This is a gem. I’ve always wondered what goes on in the minds of immigration agents before entering a hagwon. “Cover the back exit”. I love the dumbass excuse by the director. “Stopped by to eat snacks? WTF?”
DAEJEON ㅡ Hur Chang-goo, a veteran immigration police officer, hopped in a car with his partner, a female interpreter. Their mission: To catch a foreign national illegally teaching English at a kindergarten.
Tipped off that a Canadian teacher was hired to teach at the private institute, they needed to check it out. On their way, they discussed ways to block any possible attempt by the teacher to flee. The Korea Times accompanied them.
It’s illegal for any foreign national, even those with an E-2 visa, to work at an institute registered as kindergarten. Under Korean law, kindergartens are banned from providing English classes.
Upon arrival, the officer silently walked into the kindergarten’s porch, the noise of kids filtering down from upstairs.
“We are from Daejeon Immigration Office. Please call the foreign teacher,” Hur declared. Caught off guard by the uninvited, abrupt “guests,” the chief rushed to the building’s upper floor and soon came down with a Canadian instructor.
The officer asked a couple of questions. What are you doing here? Did this institute hire you? Are you teaching kids? The teacher, 28, refused to answer any of the questions.
On behalf of the teacher, the institute’s president claimed the person “happened to be at the institute by chance to eat snacks, not to teach kids,” adding that he works at a nearby language institute.
The two presidents were ordered to appear at the immigration office the following week for additional questions.
The police officer did not go into the classroom where the person might have possibly been teaching kids, taking into consideration the possible negative impact it might have had on the children.
He called the two school presidents days later for further questioning. They strongly denied that the teacher was teaching kids at the kindergarten.
The officer failed to secure any concrete evidence that immigration law had been violated.
“Nobody admits their wrongdoing from the beginning,” Hur said returning to his office. “The two presidents’ statements were a bit conflicting and did not fit well. But, as the kindergarten president did not admit hiring the foreign teacher, we couldn’t prove anything.”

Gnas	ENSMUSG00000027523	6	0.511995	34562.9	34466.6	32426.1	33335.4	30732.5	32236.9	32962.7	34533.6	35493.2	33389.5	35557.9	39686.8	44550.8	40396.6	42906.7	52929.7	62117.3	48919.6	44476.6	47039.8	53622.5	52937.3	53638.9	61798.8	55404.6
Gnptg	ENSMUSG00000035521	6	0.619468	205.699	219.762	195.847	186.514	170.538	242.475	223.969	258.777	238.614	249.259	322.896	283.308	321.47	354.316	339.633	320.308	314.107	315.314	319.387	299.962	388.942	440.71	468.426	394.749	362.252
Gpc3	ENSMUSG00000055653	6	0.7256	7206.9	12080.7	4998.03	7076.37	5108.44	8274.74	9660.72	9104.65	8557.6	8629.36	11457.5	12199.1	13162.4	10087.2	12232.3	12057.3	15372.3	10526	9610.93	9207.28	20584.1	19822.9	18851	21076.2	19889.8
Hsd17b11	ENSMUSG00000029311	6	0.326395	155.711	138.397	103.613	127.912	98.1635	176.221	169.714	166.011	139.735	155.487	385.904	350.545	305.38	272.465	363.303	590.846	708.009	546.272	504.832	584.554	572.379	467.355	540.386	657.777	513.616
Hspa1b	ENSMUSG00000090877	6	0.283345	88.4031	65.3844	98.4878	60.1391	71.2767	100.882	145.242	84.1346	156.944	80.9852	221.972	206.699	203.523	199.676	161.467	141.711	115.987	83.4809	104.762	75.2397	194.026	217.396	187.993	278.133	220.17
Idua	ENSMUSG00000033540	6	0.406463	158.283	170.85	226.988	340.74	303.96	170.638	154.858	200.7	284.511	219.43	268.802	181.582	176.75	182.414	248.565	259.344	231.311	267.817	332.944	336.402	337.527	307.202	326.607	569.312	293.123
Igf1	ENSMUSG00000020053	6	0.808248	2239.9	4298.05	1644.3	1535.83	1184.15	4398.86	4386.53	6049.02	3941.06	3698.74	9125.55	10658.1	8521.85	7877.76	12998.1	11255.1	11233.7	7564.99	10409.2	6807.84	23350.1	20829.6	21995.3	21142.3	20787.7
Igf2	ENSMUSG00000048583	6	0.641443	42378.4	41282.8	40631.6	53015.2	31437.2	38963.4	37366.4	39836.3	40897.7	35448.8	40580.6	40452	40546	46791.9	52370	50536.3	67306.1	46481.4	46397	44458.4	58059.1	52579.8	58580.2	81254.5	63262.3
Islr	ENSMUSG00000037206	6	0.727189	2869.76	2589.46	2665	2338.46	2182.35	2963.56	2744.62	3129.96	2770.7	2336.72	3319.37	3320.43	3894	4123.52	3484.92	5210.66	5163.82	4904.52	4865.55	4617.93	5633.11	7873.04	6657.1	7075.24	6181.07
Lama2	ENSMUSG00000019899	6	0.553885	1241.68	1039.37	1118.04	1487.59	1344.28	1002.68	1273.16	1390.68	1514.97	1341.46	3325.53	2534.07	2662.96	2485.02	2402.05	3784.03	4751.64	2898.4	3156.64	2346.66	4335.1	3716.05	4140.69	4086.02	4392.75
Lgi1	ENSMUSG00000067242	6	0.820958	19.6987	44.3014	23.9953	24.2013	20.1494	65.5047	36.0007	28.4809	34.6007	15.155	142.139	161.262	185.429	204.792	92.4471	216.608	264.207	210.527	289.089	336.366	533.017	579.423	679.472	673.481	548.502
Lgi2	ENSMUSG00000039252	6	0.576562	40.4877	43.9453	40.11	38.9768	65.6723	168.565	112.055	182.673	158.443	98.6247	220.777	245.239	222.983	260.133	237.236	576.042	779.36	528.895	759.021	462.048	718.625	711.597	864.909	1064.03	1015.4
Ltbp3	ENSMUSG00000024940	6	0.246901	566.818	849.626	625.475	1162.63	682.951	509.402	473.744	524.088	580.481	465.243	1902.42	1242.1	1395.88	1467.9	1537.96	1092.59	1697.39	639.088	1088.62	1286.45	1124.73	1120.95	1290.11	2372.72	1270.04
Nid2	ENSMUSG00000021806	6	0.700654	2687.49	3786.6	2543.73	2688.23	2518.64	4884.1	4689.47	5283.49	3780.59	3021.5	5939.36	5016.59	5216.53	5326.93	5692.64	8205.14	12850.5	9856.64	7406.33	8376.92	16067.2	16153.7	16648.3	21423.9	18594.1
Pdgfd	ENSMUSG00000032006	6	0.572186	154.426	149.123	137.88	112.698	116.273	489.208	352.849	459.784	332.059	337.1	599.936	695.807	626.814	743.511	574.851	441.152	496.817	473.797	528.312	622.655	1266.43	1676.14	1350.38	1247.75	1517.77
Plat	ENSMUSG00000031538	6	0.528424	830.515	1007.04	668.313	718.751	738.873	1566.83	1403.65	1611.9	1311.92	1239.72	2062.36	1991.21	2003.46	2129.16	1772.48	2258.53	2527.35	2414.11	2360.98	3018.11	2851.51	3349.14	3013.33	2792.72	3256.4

The officer said that the case illustrates how hard it is to nab illegal foreign workers, with the difficulty compounded by a lack of manpower at the immigration office.
“We have lots of work to do, causing most immigration officers to work late at the office almost everyday. This case apparently imposed another burden on us,” he said with a bitter smile.
His office covers not only Daejeon, where the headquarters are located, but also South Chungcheong Province.
The office estimates there are more than 58,000 foreign nationals, including roughly 12,000 illegal foreign workers, in the area. The number has jumped in recent years.
Even if they wanted to catch all the illegal foreign workers, there are only nine investigators at the office.
“It is basically impossible to put the whole area under our control with the current manpower,” said Son Jong-ha, chief officer of Daejeon Immigration Office. “We sometimes fail to react immediately to tip-offs on illegal foreign workers.”
He said an increase of manpower was the only way to get back on track.
“We need at least 40 to 50 more investigators,” Son said. “Any administrative reform without additional staff would be meaningless.”
The immigration office focuses on catching those working illegally at private language institutes, and kindergartens.
There are two foreigner-only prisons in the Daejeon area _ Daejeon Correction Center and Cheonan Correction Center. They hold approximately 60 percent of foreign lawbreakers sentenced to three months or longer in jail.
Son expressed concerns over civic groups that denounce the immigration offices’ crackdown on illegal foreign workers.
“Whenever our raids hit the headlines, civic groups attack us. They say illegal foreign laborers are here with the pure purpose of making money and supporting their family members in their home countries,” he said. “If any foreigner is injured during the raid, they condemn us. But weeding out illegal foreign workers is important to protect them from being abused by employers.”
Noting that the government’s inconsistent policies on illegal foreign labor have created sympathetic feelings toward illegal foreigners, he said “In the past, foreigners had limited access to work here. Nowadays, however, the government offers diverse opportunities to would-be foreign laborers, ensuring their legal status.”